MegaUpload Defendants Seek Bail

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Megaupload founder Kim Dotcom is considered a significant flight risk, New Zealand prosecutors argued on behalf of the U.S. government Monday in a New Zealand court.

The North Shore District Court scheduled a hearing to decide whether Dotcom and three others should be granted bail after four men were arrested in Auckland on Friday on suspicion of large-scale copyright infringement.

Crown prosecutor Anne Toohey said that Dotcom was a risk because of his numerous aliases -- his name varies on his travel documents -- as well as his access to funds, and because he allegedly evaded arrest by hiding in a safe room in his mansion.

"Dotcom poses a flight risk at the extreme end of the scale," Toohey said.

Dotcom, along with chief marketing officer Finn Batato; Mathias Ortmann, chief technical officer; and Bram van der Kolk, programmer; were arrested on Friday by New Zealand Police who executed provisional arrest warrants requested by the United States Department of Justice.

All four defendants were expected to apply for bail pending an extradition hearing. Lawyers representing the U.S. government oppose bail for all four defendants.

Just a Misunderstanding, Lawyer Says

Dotcom's lawyer Paul Davison said Dotcom, who was very security conscious, had not been trying to evade arrest by hiding in his panic room, as he had not known the people pounding on his bedroom door were police.

From left, Mathias Ortmann, Fin Batato, Bram Van der Kolk, and Kim Dotcom in court. Source: IDG News Service

Once he realized they were police, "he was frightened so he stayed there", Davison said.

An unmodified pistol-grip shotgun was present in the panic room, which was illegal as no one in the house had the appropriate firearms license. It was loaded with a rubber bullet and there was "absolutely no suggestion" that Dotcom was going to use it, Davison said.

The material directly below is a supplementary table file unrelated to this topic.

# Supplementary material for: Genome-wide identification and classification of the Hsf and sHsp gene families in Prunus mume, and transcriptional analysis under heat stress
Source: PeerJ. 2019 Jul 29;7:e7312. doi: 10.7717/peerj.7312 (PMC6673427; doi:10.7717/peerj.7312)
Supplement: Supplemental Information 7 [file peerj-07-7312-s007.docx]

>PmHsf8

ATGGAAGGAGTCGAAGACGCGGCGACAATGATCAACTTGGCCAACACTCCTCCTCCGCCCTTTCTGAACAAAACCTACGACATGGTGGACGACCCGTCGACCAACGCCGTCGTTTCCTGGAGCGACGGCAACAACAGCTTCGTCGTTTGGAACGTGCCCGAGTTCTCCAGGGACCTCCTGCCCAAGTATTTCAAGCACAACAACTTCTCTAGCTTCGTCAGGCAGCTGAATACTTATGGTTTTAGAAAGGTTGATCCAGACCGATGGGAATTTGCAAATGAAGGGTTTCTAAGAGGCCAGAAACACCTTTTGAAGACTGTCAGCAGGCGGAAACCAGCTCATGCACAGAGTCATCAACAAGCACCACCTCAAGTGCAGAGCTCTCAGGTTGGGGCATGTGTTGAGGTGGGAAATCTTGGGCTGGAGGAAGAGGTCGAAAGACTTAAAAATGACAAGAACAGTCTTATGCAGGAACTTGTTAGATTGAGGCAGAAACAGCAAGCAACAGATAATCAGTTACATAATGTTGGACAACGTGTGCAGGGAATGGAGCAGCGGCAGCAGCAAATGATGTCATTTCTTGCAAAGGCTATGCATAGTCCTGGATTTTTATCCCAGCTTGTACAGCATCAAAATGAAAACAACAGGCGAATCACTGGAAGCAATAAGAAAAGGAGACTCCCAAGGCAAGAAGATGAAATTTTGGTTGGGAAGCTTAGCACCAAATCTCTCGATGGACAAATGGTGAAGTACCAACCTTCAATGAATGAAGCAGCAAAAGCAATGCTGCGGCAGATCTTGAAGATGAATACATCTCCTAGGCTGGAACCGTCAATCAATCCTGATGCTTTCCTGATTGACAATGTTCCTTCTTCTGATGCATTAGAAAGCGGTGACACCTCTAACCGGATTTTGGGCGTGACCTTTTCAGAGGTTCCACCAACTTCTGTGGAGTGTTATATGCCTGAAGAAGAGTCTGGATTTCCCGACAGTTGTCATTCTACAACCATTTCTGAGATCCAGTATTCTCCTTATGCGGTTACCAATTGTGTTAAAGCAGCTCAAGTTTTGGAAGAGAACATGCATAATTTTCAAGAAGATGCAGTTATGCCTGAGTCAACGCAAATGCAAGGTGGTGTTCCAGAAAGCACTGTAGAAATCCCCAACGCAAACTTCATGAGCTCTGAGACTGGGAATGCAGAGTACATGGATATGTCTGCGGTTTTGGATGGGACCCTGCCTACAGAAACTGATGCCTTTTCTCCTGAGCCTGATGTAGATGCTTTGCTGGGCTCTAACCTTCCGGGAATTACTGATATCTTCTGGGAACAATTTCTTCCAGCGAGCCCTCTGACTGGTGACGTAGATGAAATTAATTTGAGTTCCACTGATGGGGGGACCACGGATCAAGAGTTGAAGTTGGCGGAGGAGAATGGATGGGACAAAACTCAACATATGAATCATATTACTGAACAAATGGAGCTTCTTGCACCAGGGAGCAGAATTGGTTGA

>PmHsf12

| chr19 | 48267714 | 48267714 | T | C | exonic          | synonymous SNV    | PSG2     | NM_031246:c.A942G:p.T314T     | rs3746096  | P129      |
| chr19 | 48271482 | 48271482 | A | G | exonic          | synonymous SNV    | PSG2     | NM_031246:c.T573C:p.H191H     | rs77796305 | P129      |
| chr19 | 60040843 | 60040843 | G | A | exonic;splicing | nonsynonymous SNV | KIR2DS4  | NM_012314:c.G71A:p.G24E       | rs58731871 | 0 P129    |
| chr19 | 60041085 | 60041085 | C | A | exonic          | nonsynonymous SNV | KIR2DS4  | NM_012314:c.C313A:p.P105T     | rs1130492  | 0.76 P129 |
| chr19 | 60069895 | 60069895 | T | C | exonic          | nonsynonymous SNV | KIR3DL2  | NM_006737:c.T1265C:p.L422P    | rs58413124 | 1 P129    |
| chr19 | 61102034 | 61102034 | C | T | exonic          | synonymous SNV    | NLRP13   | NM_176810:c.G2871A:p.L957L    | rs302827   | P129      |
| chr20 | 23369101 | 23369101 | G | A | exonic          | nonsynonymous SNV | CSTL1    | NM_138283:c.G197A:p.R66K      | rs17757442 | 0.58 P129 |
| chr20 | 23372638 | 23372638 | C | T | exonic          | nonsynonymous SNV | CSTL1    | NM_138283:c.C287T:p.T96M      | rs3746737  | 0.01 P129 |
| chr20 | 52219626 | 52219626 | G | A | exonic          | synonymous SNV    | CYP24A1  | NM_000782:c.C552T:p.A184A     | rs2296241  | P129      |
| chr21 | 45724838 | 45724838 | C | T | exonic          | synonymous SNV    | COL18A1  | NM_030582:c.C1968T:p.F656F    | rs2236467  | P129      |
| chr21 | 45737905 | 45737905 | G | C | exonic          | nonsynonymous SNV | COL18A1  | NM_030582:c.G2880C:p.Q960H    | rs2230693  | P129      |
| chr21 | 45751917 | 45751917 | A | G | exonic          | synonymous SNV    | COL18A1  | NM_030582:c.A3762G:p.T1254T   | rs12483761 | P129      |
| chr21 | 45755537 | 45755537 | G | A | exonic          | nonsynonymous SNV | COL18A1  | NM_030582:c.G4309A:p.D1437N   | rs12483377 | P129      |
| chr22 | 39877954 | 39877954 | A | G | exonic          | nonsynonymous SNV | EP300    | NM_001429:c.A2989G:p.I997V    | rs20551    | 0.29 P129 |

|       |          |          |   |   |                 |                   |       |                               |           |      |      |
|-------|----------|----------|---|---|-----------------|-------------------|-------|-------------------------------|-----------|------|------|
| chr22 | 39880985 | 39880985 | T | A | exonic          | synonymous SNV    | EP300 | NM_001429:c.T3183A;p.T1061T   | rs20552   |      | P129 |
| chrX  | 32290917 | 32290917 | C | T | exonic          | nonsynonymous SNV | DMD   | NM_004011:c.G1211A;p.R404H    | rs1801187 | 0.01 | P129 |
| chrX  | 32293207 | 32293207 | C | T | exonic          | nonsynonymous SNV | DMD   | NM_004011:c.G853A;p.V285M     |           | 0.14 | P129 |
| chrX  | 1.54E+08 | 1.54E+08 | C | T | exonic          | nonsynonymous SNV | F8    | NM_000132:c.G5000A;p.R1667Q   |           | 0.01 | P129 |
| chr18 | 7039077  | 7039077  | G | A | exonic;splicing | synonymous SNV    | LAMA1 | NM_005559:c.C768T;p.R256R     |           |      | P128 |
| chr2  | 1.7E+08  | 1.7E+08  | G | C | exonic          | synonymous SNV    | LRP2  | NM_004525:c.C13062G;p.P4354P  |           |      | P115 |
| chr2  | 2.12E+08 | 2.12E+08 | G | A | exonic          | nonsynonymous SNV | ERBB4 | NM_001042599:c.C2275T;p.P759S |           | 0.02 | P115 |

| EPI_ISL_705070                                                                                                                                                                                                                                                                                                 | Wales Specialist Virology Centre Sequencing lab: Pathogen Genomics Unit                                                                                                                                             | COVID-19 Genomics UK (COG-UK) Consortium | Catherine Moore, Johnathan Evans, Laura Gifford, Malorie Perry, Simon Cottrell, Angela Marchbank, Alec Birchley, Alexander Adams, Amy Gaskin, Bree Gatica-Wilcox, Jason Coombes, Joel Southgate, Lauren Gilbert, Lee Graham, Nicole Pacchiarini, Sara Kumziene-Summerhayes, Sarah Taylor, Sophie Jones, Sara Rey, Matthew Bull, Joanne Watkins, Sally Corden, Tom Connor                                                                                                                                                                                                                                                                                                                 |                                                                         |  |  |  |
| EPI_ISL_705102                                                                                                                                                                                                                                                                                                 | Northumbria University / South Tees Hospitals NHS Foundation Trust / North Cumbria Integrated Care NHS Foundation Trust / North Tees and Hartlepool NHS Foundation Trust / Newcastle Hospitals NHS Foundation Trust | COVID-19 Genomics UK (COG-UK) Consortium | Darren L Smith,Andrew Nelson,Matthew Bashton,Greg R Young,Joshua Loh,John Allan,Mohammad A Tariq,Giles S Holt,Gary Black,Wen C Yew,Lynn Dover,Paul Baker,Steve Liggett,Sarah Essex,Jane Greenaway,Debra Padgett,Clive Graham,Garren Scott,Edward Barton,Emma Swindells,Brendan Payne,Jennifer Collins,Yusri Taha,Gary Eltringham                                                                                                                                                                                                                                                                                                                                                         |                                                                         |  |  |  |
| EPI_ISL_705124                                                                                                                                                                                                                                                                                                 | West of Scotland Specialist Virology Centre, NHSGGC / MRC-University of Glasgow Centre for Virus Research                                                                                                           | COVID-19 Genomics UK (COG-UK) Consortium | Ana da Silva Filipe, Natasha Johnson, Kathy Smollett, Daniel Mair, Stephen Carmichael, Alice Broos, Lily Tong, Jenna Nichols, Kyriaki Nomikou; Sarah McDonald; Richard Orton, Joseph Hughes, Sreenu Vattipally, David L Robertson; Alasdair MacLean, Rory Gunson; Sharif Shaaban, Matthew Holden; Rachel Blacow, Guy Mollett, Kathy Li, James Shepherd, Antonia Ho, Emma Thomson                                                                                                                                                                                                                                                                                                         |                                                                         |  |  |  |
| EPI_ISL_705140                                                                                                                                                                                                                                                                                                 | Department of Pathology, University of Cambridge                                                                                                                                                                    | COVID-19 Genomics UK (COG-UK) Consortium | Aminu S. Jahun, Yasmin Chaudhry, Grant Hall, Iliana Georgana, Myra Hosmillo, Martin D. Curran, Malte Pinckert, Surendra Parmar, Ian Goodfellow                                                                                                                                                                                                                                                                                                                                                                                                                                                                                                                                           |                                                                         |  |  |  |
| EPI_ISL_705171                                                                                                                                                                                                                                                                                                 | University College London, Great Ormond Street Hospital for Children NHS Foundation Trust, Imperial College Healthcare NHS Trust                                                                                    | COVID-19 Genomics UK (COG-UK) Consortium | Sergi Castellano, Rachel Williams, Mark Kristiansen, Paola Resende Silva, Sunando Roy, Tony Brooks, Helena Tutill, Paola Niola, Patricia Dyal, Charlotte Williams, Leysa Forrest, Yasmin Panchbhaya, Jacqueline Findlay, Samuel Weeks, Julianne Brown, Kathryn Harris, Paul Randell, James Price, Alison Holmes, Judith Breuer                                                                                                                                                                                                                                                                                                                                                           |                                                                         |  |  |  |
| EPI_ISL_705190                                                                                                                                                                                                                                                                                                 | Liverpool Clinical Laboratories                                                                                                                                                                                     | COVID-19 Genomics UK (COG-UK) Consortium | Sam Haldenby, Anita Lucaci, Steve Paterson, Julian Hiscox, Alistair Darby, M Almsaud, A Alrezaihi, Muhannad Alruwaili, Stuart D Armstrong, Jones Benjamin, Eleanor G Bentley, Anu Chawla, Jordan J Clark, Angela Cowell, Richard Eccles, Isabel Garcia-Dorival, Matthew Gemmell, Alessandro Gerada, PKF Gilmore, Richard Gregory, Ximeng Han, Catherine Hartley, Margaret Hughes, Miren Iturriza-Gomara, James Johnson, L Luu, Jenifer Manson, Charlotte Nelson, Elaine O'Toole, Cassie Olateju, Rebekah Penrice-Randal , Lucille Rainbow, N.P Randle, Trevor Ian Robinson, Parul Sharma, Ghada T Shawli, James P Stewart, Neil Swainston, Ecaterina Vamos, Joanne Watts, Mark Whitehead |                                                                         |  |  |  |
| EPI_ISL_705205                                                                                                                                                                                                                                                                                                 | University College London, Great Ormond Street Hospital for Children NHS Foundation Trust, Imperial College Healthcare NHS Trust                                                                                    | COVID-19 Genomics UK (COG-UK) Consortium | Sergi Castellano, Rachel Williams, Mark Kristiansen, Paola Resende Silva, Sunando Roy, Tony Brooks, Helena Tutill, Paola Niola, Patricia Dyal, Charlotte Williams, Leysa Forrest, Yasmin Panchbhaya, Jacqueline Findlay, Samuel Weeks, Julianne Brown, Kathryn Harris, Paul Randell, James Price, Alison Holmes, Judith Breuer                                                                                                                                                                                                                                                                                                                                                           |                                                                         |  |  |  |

Crown lawyer Toohey said that Dotcom was a flight risk because he had once fled from charges in Germany.

However, Davison said Dotcom had been unaware of charges against him on leaving Germany, and had returned on hearing of them.

Toohey said he also posed a risk of reoffending as there was financial incentive to do so, and because there are numerous domains registered by Megaupload that could be used.

However, Davison argued that Dotcom had no intentions of restarting Megaupload.

"He has no interest in reinstating the business until this is sorted," Davison said.

Davison said Dotcom and Megaupload had spent millions of dollars on legal advice to ensure the company was operating within the law.

181 copyright holders were capable of directly removing content from Megaupload, he said.

Users were also required to agree to a Terms of Service agreement barring them from uploading copyrighted material.

Police Visited Dotcom's Home Before Raid

On January 19, one day before the police raided Dotcom's home, a police officer visited the multimillion-dollar mansion to learn about the property. Security-conscious Dotcom wanted the police to understand how to get around the property if he alerted the police to a threat, Davison said.

The police officer hid a camera inside a pen, he said, and captured images from inside the home.

Davison alleges the police knew that Dotcom had four children and another on the way when his home was raided by 76 police officers.

"The police officer on the 19th was told [Dotcom's] wife was pregnant and due to give birth," Davison said.

The Extradition Process

Whether or not Dotcom is granted bail, he faces extradition to the US. The US government has 45 days from his arrest on Friday to submit an application for extradition.

The Judge presiding over the court today, Judge David McNaughton, said that if extradition proceedings were to take place in the North Shore District Court, the case could take months to be heard.

If bail is not granted today or the case is not moved to another court, Dotcom could spend months behind bars in New Zealand while waiting for the hearing.

This story, "MegaUpload Defendants Seek Bail" was originally published by Computerworld New Zealand.

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